"Caney Run: Early trade, mail route of ‘Golden Gulf Coast"

Matagorda County TXGenWeb

   “Today there are no more dense canebrakes and wild grains growing in the river bottoms. Caney no longer flows an even course, but bobs up spasmodically here and there.”
   Long ago, Caney Creek (Canebrake River) began its winding course from Southeastern Colorado County near Eagle Lake and flowed to the Gulf of Mexico. 
   The bamboo cane (Arundinaria) grew in an area 40 miles wide and 75 miles long. It grew as high as 35 feet and formed impenetrable growth through which the Caney and Bernard rivers flowed.  
   Often a person on horseback could not get through and a person on foot went in circles.  
   The cane was used for fishing poles, cattle feed, fencing, flooring and matting. Its greatest value was that it made the soil fertile by its yearly decaying and renewing.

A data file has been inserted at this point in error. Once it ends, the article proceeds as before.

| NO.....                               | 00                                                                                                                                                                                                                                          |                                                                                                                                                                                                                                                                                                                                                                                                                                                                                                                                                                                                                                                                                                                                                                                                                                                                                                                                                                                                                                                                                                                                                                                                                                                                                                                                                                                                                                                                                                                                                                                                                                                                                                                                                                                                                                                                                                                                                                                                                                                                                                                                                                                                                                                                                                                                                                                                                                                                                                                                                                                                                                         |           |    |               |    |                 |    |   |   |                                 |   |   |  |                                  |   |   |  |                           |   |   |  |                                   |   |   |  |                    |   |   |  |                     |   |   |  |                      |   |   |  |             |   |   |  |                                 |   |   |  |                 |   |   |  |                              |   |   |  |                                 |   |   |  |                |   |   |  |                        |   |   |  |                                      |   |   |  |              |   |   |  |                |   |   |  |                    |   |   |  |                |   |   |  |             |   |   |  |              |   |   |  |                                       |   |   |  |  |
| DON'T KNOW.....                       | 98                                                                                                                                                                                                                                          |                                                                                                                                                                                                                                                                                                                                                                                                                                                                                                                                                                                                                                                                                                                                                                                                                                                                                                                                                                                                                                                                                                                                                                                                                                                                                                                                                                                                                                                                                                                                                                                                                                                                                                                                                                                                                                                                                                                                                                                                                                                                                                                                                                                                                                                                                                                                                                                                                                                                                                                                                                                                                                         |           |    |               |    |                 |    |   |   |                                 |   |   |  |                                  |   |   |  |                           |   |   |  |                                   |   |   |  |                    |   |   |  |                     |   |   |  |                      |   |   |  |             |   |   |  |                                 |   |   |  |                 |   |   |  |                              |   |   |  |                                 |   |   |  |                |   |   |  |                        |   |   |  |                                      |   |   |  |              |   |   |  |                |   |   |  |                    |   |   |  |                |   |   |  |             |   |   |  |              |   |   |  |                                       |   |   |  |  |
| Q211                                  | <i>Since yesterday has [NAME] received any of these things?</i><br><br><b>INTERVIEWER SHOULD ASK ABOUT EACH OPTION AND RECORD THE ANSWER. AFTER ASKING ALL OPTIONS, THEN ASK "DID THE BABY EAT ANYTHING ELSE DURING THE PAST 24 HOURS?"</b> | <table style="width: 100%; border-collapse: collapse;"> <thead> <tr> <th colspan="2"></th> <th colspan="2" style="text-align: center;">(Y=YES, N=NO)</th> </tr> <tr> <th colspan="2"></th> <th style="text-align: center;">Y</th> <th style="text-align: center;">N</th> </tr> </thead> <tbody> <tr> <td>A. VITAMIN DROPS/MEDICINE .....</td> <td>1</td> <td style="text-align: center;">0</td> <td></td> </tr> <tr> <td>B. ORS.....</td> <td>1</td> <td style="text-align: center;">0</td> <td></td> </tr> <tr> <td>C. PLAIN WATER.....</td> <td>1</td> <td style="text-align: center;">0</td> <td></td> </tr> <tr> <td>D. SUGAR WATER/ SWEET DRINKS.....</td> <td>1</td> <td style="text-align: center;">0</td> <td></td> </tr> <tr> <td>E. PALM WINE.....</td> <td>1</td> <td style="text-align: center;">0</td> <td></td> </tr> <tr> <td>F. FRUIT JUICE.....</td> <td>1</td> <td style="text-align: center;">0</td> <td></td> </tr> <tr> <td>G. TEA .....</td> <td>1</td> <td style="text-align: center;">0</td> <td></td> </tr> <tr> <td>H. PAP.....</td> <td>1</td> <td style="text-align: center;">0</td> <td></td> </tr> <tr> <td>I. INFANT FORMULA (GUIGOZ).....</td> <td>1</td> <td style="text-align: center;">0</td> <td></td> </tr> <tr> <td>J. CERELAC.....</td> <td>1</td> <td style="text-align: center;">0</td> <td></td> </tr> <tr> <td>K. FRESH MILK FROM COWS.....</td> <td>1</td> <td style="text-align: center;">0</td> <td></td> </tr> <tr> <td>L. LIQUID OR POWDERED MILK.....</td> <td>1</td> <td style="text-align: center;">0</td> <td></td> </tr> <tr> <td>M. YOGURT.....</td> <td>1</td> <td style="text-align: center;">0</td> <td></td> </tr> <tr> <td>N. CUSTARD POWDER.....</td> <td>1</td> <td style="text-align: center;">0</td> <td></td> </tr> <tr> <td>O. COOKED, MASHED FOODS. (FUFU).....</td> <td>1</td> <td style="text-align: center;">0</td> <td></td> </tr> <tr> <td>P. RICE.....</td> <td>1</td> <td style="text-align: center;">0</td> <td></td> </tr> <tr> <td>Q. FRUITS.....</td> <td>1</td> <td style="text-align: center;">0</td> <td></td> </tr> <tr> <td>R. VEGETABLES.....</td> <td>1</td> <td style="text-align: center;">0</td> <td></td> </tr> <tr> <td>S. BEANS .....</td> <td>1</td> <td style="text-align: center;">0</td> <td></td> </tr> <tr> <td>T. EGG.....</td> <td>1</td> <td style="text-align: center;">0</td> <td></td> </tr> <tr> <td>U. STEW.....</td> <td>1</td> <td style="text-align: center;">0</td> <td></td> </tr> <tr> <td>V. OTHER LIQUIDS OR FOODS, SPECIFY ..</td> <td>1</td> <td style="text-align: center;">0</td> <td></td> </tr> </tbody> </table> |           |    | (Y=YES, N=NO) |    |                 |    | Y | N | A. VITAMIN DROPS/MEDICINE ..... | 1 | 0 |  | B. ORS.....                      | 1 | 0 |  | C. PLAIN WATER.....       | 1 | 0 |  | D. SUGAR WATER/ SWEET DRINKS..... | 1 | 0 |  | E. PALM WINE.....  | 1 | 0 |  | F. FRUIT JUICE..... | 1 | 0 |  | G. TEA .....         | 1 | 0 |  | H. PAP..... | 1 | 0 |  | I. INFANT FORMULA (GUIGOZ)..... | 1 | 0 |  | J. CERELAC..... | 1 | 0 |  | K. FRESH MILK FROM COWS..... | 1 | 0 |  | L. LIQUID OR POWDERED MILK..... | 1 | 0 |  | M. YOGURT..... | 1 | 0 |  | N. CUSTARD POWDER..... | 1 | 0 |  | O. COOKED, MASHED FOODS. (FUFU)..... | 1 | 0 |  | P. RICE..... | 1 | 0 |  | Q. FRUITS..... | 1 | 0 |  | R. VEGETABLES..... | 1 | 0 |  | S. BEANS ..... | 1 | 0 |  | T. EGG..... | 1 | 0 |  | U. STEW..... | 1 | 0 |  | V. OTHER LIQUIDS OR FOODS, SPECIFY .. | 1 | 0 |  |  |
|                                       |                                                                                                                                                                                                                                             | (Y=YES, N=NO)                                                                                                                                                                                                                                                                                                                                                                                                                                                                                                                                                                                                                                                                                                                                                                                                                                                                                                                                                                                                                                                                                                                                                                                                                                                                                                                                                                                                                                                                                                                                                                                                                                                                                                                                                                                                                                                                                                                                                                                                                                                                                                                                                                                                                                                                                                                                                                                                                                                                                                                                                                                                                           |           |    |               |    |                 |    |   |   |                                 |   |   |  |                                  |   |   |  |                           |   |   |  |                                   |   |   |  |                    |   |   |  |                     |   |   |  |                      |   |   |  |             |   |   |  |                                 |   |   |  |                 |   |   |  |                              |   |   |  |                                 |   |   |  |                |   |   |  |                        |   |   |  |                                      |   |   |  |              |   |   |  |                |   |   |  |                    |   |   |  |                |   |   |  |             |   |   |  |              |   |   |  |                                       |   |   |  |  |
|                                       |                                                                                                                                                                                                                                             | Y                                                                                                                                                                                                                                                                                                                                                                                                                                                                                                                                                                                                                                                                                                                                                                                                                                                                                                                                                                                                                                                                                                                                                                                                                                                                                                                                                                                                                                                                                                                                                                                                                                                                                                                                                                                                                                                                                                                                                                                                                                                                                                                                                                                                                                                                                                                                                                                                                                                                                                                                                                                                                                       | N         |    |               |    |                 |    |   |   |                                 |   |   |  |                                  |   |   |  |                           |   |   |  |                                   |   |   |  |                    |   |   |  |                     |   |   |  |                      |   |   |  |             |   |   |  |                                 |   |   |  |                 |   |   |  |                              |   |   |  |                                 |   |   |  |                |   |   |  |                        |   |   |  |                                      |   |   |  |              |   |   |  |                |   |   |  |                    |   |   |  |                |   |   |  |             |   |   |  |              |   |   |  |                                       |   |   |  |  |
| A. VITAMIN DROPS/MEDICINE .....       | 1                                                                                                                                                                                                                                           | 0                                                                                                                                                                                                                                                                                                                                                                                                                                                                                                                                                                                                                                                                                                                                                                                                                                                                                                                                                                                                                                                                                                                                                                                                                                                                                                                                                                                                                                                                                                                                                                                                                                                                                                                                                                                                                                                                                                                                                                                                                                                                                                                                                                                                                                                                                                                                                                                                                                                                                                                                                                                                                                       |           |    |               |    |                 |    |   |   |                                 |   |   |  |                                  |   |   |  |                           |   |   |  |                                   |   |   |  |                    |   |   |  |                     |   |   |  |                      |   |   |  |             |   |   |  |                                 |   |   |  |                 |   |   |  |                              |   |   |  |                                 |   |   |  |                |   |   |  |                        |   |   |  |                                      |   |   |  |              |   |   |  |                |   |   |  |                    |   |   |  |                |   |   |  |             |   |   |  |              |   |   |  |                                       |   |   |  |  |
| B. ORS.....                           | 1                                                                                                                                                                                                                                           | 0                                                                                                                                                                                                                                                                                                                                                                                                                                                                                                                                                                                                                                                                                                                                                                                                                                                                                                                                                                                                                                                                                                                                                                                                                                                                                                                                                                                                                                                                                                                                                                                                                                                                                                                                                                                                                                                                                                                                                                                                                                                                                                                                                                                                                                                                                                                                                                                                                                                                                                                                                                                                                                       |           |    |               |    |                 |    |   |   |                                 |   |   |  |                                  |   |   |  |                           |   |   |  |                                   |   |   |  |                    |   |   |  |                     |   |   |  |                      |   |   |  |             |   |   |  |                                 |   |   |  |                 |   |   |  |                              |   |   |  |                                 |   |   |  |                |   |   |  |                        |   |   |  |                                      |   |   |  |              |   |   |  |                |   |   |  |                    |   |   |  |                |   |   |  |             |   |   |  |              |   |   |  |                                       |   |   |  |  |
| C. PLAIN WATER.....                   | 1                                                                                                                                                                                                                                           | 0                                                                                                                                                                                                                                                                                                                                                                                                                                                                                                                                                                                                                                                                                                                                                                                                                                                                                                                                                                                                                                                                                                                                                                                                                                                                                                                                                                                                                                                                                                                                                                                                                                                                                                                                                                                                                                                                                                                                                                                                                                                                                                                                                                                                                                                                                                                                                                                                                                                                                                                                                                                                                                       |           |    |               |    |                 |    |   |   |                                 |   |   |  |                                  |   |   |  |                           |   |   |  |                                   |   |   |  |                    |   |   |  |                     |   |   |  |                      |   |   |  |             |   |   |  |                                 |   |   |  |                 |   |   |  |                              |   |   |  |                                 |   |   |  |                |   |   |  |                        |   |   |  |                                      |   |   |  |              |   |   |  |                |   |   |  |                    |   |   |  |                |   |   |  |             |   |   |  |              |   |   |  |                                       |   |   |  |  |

The “Sugar Bowl” in Texas was the fertile land between the Colorado and Brazos rivers and especially the land on either side of Caney Creek, from the source near Eagle Lake to where it terminates near Sargent.
   During the days of Stephen F. Austin, sugar mills dotted the creek from Hawkinsville to Egypt and the trail which transversed the Sugar Bowl came to be known as “Caney Run.”  
   The canebrakes which grew along Caney Creek, once known as “Canebrake River,” were very dense, often 35 feet wide.  
   Scarcely a tree was to be found in this ocean of cane, which received the name “Great Prairie Canebrake.”  
   Mail routes, established by the Republic of Texas in 1838, ran from Matagorda to San Felipe and later to Columbus and used the same Caney Run with stops at Cook’s Island, Isham Phillips, Caney Crossing, Preston, Peach Creek and Egypt.
   This road was the chief way to get products to market, as railways were not constructed until the 1900s and Caney Creek was often blocked as a waterway.  
   Today, paved highways have replaced the old “Caney Run” and follow the creek from Eagle Lake to Sargent and on to the Gulf of Mexico.

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